• Two-thirds of adolescent girls are trying to lose weight.
• 20% are fasting
• 10% are using diet pills
• 10% are using laxatives
Studies show that the numbers of children and adolescents with eating disorders has increased steadily since the 1950s. Progressively younger and younger children are affected by eating disorders. Eating disorders are increas- ing in prevalence in boys, minorities, and across the world, even in third world countries. Here are a few more facts about girls and boys, eating problems, and body image issues:
• More than 70 percent of adolescents are dissatisfied with their bodies and want to lose weight.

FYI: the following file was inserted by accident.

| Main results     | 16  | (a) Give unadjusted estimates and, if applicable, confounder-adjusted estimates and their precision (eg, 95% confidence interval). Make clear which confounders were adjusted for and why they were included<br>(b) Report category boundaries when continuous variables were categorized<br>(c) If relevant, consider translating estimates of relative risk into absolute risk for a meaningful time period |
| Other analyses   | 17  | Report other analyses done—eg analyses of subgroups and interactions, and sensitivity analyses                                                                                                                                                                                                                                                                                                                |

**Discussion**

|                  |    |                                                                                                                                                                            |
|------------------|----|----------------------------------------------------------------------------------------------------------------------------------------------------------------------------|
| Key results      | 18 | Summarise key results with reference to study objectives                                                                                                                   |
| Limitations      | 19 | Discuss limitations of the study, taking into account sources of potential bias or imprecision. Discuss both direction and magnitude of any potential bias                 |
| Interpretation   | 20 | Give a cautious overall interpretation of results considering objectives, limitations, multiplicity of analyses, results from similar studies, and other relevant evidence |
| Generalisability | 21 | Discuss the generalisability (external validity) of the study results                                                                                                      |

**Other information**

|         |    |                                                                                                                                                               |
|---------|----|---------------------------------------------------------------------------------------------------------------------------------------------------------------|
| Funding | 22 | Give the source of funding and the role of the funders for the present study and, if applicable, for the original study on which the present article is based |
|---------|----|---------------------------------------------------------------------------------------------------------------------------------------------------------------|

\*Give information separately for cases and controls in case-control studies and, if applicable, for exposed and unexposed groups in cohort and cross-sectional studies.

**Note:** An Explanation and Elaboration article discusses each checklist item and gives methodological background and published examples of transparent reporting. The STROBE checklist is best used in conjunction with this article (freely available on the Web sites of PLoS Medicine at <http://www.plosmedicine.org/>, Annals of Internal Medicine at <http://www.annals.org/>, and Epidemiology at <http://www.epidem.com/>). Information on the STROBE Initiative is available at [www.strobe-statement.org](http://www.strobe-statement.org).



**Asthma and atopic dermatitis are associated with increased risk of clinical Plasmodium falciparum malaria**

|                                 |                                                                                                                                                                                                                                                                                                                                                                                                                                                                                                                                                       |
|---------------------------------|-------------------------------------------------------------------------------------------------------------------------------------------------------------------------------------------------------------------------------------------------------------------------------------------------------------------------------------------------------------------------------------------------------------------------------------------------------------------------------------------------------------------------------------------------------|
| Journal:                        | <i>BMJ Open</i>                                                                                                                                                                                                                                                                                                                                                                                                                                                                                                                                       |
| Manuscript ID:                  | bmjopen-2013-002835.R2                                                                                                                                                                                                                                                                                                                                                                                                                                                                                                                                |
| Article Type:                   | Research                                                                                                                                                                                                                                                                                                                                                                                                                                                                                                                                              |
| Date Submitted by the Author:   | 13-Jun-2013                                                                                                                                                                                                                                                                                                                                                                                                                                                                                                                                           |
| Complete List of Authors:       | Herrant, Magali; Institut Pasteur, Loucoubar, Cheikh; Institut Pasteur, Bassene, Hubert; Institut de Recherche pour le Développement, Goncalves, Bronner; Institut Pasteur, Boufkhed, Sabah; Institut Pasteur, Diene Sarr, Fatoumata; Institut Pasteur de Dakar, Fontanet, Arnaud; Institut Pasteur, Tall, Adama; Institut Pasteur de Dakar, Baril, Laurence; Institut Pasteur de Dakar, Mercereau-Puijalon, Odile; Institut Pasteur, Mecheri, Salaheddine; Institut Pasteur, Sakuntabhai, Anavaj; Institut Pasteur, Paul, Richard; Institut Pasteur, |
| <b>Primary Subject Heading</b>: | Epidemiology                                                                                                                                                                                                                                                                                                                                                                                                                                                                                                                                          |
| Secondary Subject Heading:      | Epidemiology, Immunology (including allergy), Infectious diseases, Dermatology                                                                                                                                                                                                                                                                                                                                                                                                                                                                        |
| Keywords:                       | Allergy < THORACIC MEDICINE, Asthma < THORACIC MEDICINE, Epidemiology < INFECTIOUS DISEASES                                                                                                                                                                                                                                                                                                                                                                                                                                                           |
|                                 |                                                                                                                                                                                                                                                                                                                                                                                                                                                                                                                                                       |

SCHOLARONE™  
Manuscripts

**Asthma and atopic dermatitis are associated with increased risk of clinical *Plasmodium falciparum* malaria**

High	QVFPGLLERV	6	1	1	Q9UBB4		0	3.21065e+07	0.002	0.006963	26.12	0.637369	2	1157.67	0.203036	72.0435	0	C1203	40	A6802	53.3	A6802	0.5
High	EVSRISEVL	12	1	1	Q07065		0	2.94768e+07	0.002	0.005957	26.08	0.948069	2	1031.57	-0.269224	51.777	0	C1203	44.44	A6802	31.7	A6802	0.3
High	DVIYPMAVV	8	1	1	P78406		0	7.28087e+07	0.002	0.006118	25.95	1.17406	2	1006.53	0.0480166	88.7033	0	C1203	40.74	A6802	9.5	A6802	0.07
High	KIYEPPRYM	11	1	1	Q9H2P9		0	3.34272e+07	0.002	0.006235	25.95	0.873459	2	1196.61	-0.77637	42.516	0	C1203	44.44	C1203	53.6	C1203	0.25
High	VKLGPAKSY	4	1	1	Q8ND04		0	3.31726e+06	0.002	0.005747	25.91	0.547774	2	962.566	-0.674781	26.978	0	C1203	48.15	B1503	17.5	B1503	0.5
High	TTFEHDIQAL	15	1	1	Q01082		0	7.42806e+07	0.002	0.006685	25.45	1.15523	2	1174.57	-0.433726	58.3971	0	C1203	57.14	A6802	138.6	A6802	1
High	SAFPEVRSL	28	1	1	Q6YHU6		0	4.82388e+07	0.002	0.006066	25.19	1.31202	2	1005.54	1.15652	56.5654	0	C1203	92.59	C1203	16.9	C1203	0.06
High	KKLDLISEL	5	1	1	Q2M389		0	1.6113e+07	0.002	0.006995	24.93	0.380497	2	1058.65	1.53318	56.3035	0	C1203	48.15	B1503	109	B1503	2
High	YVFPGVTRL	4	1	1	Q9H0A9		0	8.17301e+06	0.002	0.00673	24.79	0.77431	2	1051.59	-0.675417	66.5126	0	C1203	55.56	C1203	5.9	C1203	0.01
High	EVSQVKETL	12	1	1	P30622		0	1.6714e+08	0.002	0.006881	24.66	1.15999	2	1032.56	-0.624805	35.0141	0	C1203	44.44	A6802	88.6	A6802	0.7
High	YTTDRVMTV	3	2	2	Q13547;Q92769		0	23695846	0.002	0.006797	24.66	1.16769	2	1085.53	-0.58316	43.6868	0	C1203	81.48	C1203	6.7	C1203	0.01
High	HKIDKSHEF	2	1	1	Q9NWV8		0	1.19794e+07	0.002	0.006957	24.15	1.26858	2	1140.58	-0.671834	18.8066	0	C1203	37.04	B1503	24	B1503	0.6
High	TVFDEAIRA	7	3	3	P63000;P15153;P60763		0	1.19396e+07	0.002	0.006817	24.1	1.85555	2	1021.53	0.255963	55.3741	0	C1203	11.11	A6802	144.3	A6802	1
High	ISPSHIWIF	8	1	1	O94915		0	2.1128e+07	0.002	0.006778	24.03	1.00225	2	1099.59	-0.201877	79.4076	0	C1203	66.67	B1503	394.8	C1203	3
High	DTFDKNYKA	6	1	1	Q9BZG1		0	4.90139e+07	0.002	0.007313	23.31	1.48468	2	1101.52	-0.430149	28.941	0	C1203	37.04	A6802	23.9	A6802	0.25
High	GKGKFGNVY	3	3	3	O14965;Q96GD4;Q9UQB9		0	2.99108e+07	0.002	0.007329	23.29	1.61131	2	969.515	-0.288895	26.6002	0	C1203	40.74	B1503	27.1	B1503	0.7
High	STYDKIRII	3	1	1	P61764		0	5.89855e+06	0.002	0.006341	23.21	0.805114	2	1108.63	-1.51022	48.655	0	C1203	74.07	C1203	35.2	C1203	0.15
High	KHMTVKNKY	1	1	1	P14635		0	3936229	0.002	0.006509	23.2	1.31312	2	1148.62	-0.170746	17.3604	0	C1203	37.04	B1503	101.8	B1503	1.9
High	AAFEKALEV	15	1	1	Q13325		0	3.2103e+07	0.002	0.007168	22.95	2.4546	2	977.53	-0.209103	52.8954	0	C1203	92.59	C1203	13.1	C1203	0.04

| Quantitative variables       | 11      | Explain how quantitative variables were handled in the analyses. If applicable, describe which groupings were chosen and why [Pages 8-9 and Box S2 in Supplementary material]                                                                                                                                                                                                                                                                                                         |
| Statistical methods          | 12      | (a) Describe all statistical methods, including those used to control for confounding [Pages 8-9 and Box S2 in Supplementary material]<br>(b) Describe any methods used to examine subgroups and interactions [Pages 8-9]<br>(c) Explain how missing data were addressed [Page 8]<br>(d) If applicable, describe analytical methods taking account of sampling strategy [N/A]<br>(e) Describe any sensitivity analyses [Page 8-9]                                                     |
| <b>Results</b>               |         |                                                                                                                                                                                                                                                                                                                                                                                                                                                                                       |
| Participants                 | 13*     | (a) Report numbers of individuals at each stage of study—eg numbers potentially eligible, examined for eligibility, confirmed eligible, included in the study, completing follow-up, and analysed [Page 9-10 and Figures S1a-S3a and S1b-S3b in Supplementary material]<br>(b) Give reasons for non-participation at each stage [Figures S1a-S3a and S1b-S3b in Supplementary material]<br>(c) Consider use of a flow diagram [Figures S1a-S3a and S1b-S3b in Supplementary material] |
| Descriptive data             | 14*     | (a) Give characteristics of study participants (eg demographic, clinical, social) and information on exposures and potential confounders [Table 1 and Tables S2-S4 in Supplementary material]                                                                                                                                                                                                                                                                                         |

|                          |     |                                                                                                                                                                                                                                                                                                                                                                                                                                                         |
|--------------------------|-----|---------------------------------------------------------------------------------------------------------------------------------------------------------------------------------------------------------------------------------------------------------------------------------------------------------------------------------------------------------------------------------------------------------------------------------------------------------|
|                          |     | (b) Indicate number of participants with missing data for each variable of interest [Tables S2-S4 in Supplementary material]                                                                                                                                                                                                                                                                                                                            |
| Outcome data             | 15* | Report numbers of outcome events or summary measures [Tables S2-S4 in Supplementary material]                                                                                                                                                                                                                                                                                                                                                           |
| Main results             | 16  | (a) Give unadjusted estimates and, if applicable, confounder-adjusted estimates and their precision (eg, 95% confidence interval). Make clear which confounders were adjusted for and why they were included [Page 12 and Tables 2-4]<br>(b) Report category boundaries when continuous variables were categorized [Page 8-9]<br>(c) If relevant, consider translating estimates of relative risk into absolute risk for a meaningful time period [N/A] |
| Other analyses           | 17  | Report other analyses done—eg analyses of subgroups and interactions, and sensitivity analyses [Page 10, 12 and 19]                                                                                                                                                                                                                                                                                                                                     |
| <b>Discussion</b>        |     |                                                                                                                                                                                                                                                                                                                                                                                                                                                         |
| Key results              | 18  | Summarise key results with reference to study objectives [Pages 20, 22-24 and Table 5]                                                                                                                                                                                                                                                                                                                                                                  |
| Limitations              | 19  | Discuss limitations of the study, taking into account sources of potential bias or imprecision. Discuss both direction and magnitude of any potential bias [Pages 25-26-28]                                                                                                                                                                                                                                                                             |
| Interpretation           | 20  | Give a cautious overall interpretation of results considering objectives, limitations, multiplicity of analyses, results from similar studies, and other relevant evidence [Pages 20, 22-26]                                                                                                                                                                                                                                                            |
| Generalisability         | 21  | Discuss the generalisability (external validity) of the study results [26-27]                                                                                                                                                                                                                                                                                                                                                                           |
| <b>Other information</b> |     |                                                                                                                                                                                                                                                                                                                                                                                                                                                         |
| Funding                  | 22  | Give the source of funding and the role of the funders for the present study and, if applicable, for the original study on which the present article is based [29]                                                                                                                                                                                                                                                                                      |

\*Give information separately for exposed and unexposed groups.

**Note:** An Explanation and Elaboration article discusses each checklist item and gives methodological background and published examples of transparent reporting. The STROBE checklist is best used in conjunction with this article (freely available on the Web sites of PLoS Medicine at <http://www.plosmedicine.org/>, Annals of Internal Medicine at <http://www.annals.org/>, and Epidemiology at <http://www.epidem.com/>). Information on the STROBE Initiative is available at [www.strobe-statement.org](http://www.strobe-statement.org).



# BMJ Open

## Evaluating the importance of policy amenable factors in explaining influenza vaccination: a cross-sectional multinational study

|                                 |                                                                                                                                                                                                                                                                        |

• On any given day approximately two-thirds of all teenaged girls and one-fifth of all teenaged boys are dieting.
• Among preadolescents, 60 percent of all girls and 25 percent of all boys report having dieted recently.
• One study found that 13 percent of the girls surveyed and 7 percent of the boys surveyed binged and purged a few times a week or more. • Recent findings indicate that girls who smoke to suppress their appetite are the highest group of new nicotine addicts.
• A 2006 study found that having anorexia increases the risk of death nine-fold.